Dutra clearly has potential and to see him surface in a bigger promotion in 2010 would not surprise me. Once he got on top of Nogueira he really opened up with punches and packed some serious power into his shots. Fun little fight.

Light-Heavyweight Fight: Glover Texeira vs Leonardo Nascimento

Texeira is a guy I’m surprised hasn’t wound up in UFC or Strike Force or something big yet as he’s been around for a while, is a strong BJJ black belt and a very good striker too, and he’s got wins over Matt Horwich, Sokoudjou and Jorge Oliveira. I believe at one point he was training with Chuck Liddell, too. So no idea why he’s still floating around on the smaller circuits. Most notable things on Nascimento’s record are wins over UFC vets Yuki Sasaki and Roan Carneiro, couple of solid wins there. Referee here is Big John McCarthy and he gets a good pop from the crowd. Texeira out to Simon Says which I still maintain is one of the best entrance themes around.

First round begins and they exchange some punches until Texeira lands a short left hook that looks to have Leonardo rocked. Leonardo drops for a takedown and gets Glover down into side mount, where he looks to land hammer fists as Texeira scrambles. Leonardo grabs a guillotine but lets it go as Texeira pops up to his feet. Good punches from Texeira and he blocks a takedown. Leg kick from Leonardo and he shoots again, this time transitioning onto Glover’s back with both hooks in. Texeira stays really calm and pulls at the foot, attempting to shake his opponent off, and sure enough Leonardo loses one hook and Glover turns him over and drops him down into guard. Texeira works the head and body with short punches, but the crowd begin to get restless and Big John calls the stand-up. Leonardo shoots in again, but leaves his head out and Texeira catches him in a guillotine, pulls guard and just like that Leonardo passes out. Big John quickly steps in to call the fight.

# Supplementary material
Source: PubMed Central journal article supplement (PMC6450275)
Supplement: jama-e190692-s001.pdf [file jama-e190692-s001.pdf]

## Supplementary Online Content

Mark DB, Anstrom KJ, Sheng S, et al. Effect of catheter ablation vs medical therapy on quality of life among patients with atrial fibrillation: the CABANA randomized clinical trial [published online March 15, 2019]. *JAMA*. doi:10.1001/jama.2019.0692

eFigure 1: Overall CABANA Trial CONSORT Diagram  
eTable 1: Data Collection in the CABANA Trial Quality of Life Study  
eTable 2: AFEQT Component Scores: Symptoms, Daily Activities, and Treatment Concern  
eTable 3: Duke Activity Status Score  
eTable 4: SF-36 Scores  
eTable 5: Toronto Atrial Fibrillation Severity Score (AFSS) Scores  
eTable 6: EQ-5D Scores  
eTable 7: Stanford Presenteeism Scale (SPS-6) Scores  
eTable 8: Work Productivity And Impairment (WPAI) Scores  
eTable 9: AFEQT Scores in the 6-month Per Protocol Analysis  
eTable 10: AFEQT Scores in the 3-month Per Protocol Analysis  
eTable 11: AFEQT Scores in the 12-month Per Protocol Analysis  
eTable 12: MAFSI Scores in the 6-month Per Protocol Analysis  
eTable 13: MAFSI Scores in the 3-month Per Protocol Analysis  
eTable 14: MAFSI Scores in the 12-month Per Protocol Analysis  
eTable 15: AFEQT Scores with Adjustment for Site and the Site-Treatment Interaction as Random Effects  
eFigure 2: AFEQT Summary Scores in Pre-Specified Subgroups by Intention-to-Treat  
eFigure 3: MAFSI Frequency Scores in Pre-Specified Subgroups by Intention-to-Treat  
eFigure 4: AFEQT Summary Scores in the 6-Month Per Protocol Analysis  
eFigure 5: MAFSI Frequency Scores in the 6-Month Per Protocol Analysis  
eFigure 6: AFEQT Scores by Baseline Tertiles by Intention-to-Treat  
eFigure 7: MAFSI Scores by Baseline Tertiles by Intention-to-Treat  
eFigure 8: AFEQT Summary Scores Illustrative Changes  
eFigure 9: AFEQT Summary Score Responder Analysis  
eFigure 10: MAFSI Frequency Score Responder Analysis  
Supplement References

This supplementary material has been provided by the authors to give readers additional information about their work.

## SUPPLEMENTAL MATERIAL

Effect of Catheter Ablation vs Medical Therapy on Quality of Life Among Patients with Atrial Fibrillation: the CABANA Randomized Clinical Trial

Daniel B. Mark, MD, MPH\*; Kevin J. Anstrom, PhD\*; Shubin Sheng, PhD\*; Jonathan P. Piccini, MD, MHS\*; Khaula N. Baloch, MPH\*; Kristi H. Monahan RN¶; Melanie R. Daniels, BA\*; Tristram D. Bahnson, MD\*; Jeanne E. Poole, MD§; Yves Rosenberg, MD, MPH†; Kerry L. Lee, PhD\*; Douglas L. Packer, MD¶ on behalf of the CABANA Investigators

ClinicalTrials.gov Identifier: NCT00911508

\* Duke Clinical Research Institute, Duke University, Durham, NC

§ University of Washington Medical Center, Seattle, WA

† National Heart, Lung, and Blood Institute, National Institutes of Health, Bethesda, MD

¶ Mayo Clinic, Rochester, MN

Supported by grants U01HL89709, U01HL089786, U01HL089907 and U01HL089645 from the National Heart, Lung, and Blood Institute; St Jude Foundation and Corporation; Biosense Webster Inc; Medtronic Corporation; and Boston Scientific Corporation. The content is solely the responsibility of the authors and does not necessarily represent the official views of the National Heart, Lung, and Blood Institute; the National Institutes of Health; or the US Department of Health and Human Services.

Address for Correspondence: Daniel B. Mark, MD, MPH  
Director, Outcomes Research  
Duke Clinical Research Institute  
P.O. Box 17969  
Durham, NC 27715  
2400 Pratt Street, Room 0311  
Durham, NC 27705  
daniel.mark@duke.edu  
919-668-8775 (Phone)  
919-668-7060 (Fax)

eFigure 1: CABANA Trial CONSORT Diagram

Texeira looked good here like he has done when I’ve seen him before – well-rounded skill set and he stays calm under pressure too. If he doesn’t surface in the UFC or Strike Force in 2010 then DREAM ought to pick him up for their LHW Grand Prix as outside of the UFC who largely have a lockdown on that division, I don’t see too many 205lbers who could beat him really.